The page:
BLONDIE – ” Parallel Lines ” Classic Albums Released September 23rd 1978

Posted: September 23, 2021 in Classic Albums, MUSIC
Tags: , , , , ,

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Blondie didn’t just leap with 1978’s “Parallel Lines”; they went into hyperdrive. As one of the early progenitors of the highly influential NYC punk scene, singer Debbie Harry and guitarist Chris Stein ditched the grime and grit and embraced what would become their own signature brand of glossy power pop and disco-tinged new wave — you know, the stuff that wound up shaping the next decade. “Heart of Glass”, the album’s state-of-the-art third single, was a total game-changer for the outfit, welding European electronica with Harry’s natural falsetto.

When Blondie went into New York’s famed Record Plant studios in June 1978 they were allocated 6 months to record their third studio album. Six weeks later, producer Mike Chapman deemed the job done and Parallel Lines was born.

Following on from their punk-meets-new-wave sound, Parallel Lines was a more focused and deliberate effort than their previous two albums, despite the band’s best efforts to achieve otherwise. With the central focus of Chapman behind the boards, he led the band to push themselves musically and at times beyond their own musical abilities. The result was an album that came to define pure post-punk pop. And Blondie’s days as a charmed underground group out of New York were numbered, as a larger world would open up to them on the heels of its release.

When Blondie started work on their third album, Parallel Lines, in the summer of 1978, they were an under-the-radar New Wave band with a nostalgic bent toward the girl-group sounds of the ’60s. They were in an entirely different position when they began recording their next album, “Eat to the Beat, less than a year later.  Kicking off with the rocking stalking anthem of “Hanging on the Telephone” (a Jack Lee cover) Debbie Harry delivers her strongest vocals to date, inhabiting the song with a sweet yet dangerous delivery.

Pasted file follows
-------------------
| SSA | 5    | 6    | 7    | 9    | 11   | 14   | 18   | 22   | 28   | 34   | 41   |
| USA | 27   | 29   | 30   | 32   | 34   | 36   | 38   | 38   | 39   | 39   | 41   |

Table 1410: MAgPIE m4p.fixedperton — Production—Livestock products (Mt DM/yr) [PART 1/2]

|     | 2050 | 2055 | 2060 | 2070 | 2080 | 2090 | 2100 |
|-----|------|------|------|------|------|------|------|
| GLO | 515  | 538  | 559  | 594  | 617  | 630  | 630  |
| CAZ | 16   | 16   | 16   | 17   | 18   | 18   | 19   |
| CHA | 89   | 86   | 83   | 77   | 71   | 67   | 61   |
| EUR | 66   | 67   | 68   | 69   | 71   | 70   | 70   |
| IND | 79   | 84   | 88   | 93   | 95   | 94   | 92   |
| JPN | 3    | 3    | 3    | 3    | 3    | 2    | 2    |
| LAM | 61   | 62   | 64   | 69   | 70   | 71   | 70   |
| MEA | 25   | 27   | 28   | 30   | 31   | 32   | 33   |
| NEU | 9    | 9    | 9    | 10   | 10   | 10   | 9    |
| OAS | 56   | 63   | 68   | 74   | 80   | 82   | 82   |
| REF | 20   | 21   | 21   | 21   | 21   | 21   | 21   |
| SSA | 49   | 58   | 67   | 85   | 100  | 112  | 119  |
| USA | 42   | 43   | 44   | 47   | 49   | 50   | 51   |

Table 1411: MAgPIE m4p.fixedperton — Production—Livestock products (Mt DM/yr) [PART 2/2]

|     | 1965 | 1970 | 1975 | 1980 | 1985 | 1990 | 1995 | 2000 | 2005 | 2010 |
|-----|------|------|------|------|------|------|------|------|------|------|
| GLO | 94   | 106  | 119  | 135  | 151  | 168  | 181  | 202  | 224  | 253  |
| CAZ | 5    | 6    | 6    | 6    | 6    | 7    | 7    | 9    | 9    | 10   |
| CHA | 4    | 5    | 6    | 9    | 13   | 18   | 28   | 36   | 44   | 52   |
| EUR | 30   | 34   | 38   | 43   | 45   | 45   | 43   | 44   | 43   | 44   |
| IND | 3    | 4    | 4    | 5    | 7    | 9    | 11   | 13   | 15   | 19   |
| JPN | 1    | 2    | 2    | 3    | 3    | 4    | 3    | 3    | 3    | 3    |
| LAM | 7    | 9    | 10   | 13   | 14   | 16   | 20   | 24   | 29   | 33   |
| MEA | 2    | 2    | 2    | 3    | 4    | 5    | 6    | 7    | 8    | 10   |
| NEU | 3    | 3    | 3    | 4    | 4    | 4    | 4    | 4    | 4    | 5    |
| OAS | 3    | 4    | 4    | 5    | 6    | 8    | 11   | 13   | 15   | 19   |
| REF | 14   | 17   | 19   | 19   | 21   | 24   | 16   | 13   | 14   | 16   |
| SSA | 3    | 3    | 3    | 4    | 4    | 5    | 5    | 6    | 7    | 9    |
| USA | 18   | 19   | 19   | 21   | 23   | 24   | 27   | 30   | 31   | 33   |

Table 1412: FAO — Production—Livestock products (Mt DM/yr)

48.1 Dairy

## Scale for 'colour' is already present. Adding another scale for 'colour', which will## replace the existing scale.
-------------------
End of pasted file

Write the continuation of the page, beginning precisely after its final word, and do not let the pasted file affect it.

Harry’s persona grows with the uber catchy “One Way or Another” with its signature guitar hook and sweet boppy beat that underscores the threat and menace on display in the lyrics. the obsessed jilted lover, Harry was taunting and preening with jealousy like a pro. With every line, Harry grows in strength and showcases the power needed to front an all-male band in the late ‘70s (and be taken seriously). Completing the opening trio of pop perfection, the band shifts gears with the lovelorn promise of “Picture This.” Amidst swirling guitar riffs and a classic backbeat by drummer Clem Burke, the song mixes early rock nostalgia with a burning sexuality and does so while still remaining sugary sweet.

After its release in fall 1978, Parallel Lines shot up the charts, reaching No. 1 in the U.K. and the Top 10 in the U.S. thanks to the powerhouse appeal of the single “Heart of Glass,” which went to No. 1 across the planet, including the U.S. The song added another influence to the band’s range of musical styles. So, when the six-member Blondie, led by singer Debbie Harry, entered the studio in their hometown of New York City as spring turned to summer in 1979, they pretty much followed the template of the record that rocketed them to stardom the previous year. That meant some New Wave, a little pop, a throwback or two to their punk roots and, of course, more disco. And then they took it even further.